The mother can even eat lunch with her kids at one of the cafeterias also. This is a huge incentive to be able to take advantage of. Another fine example that is also motivating is stability of a job with SAS. “A Stanford professor wrote an article about how our benefits affect retention. He estimated that we save between $60 million and $80 million a year not having to replace people. Our turnover has seldom exceeded 4 percent a year, and a lot of that is retirement.

Just yesterday, I signed 20-year, 25-year, and 30-year anniversary letters. I do that once a month. It took me 15 minutes to finish them, there was such a huge bundle.” (Buchanan, 2011).

Having a stable company is all ways a big benefit when a new person to the workforce is looking for a company that they can say will be around for the long haul and also be a place where they know they can put in the years and then retire out of the same company. Moving along into the second question regarding intrinsic motivation and SAS employees leads one to first question what is intrinsic motivation. According to George & Jones (2012), “intrinsic motivation is behavior performed for its own sake; the source of motivation actually comes from performing the behavior itself.” With SAS as a great company to work for it is great to set personal goals so that one can constantly look back and see progress.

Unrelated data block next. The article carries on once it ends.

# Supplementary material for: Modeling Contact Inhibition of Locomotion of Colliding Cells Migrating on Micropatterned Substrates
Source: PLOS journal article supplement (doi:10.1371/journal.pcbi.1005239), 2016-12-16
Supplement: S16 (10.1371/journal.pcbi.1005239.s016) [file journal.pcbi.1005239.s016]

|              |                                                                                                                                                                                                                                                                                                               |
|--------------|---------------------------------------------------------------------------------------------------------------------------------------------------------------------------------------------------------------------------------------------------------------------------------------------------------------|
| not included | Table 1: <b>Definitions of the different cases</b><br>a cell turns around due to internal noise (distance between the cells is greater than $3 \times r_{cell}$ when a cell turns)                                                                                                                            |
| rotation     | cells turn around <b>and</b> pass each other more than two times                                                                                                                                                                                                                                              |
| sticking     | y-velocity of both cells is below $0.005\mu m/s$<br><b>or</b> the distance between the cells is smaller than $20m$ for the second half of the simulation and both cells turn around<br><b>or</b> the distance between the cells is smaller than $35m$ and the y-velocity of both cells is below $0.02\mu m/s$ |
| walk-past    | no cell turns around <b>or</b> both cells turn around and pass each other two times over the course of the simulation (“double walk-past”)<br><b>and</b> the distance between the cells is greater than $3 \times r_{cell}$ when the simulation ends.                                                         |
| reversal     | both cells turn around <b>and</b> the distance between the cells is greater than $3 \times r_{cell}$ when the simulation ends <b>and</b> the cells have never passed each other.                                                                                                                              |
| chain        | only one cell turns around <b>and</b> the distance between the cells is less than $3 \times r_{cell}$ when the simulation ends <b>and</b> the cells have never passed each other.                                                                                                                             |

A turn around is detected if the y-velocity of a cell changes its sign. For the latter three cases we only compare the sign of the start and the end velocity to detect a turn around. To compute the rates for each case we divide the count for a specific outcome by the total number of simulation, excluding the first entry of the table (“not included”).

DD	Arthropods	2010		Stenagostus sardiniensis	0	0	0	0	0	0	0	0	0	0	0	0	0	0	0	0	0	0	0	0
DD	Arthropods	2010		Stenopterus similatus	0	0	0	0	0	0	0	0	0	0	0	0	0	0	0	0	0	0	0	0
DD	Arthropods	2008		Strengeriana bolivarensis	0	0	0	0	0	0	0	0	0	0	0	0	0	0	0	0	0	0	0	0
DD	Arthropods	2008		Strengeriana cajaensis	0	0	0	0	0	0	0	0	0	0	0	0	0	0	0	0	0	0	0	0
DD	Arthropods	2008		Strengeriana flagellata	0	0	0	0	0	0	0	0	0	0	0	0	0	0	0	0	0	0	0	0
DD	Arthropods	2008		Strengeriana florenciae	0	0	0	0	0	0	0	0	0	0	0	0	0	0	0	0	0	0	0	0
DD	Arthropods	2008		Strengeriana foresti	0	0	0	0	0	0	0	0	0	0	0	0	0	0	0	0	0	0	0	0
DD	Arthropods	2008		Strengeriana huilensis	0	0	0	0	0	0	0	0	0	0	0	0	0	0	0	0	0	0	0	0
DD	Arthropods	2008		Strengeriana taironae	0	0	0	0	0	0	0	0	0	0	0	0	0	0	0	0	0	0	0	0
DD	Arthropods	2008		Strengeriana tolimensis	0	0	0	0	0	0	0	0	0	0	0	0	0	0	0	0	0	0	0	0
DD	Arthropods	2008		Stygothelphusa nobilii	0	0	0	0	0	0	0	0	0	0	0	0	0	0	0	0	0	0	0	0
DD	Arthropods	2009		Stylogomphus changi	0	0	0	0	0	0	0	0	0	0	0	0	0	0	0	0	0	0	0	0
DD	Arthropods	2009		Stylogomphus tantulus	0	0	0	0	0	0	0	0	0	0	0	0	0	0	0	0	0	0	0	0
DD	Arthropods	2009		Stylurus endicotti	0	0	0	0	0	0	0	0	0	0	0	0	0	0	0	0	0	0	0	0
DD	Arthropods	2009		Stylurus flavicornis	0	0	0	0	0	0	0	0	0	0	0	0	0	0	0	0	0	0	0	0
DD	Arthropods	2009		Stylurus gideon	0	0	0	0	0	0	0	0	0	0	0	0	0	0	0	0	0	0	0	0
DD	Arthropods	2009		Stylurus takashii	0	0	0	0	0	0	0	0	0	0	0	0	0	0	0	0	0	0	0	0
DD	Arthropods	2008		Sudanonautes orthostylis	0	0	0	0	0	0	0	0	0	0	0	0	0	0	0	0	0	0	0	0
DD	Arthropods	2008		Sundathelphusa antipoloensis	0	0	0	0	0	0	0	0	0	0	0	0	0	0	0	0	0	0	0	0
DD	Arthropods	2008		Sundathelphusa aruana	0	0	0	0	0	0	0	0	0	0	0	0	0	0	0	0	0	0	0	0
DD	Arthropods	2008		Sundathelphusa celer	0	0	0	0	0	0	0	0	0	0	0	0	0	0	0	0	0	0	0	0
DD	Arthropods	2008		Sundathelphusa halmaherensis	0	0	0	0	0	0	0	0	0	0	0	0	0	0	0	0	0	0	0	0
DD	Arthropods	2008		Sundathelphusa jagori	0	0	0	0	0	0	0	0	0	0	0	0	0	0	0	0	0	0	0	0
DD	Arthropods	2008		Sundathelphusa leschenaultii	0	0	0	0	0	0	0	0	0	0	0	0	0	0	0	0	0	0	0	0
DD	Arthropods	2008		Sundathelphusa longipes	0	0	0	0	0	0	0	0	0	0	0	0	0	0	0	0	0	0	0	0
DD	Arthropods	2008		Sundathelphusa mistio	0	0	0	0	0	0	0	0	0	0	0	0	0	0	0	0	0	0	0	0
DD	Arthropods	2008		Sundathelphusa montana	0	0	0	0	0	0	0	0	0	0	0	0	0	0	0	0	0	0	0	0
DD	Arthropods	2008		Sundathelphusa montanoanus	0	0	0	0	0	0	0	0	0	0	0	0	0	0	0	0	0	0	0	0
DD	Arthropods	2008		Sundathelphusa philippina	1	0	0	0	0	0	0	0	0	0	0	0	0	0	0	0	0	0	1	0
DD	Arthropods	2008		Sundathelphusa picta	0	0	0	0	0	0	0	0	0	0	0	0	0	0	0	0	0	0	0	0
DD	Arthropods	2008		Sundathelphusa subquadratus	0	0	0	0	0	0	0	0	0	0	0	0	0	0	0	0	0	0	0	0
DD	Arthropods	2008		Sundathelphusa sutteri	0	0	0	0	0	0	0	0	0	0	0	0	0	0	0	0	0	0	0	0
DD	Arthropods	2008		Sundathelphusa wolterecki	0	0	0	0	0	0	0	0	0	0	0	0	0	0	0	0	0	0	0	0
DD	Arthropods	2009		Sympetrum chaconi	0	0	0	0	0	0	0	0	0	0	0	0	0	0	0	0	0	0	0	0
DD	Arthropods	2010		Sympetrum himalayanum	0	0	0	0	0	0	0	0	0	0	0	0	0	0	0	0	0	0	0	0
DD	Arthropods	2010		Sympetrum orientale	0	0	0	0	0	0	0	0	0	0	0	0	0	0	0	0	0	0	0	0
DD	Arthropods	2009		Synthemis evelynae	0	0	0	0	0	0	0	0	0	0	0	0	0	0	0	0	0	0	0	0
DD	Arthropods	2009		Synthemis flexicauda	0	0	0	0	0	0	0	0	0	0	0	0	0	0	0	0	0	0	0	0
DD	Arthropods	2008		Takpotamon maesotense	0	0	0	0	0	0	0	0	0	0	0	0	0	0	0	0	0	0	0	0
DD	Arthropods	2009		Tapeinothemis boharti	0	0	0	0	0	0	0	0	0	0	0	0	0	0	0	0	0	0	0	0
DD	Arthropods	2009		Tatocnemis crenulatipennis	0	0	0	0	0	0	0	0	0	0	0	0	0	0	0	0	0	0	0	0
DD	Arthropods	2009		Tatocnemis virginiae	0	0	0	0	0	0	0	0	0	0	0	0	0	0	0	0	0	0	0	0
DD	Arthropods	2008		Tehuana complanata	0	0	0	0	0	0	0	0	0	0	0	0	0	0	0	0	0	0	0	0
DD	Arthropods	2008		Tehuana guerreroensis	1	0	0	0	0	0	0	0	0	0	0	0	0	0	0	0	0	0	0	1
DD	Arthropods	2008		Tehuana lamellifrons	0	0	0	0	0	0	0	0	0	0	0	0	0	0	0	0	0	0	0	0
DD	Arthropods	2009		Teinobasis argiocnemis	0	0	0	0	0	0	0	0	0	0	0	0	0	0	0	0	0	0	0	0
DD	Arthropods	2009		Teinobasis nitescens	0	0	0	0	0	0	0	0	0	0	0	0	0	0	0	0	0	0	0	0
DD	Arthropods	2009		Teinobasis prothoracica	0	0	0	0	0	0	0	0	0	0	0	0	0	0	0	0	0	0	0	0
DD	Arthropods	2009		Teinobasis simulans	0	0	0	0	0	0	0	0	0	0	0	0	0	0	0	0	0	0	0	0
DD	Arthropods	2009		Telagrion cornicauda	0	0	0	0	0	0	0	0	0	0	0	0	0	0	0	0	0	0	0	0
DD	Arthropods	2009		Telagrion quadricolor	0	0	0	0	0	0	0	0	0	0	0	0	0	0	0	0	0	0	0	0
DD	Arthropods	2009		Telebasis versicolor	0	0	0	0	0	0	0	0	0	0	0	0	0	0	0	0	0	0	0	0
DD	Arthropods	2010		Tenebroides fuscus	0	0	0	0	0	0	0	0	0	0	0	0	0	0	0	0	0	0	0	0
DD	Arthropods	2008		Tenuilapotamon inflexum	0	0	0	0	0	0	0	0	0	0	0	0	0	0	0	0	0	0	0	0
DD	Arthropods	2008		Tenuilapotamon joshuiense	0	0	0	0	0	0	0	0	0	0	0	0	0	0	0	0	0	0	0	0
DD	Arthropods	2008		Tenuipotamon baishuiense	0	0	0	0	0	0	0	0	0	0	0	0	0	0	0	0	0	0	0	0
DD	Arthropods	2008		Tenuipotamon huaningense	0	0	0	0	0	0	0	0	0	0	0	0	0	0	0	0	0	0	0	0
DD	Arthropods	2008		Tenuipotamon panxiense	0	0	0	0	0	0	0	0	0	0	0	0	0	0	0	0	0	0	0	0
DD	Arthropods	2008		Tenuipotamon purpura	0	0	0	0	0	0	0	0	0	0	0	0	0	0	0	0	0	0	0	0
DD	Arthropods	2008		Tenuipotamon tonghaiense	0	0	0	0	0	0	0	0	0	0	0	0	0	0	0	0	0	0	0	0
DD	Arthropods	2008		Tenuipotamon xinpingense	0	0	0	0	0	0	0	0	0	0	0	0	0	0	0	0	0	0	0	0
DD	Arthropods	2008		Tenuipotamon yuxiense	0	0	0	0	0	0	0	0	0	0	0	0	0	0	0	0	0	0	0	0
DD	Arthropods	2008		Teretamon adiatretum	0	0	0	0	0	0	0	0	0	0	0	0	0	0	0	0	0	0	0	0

The employees at SAS do that and it is made known by the year after year growth that the company has constantly documented. SAS also does great recognition for their employees and that is a great goal to go after to be recognized in front of their co-workers. When looking at intrinsic motivation and the fact that it is do to the individuals own intentions and not for the accolades, that is what the researcher calls self motivation and being a go-getter. All companies want individuals on their team that are self-motivated. The opposite could be said to this and that is the third question. That question is what factors are likely to contribute to extrinsic motivation at SAS?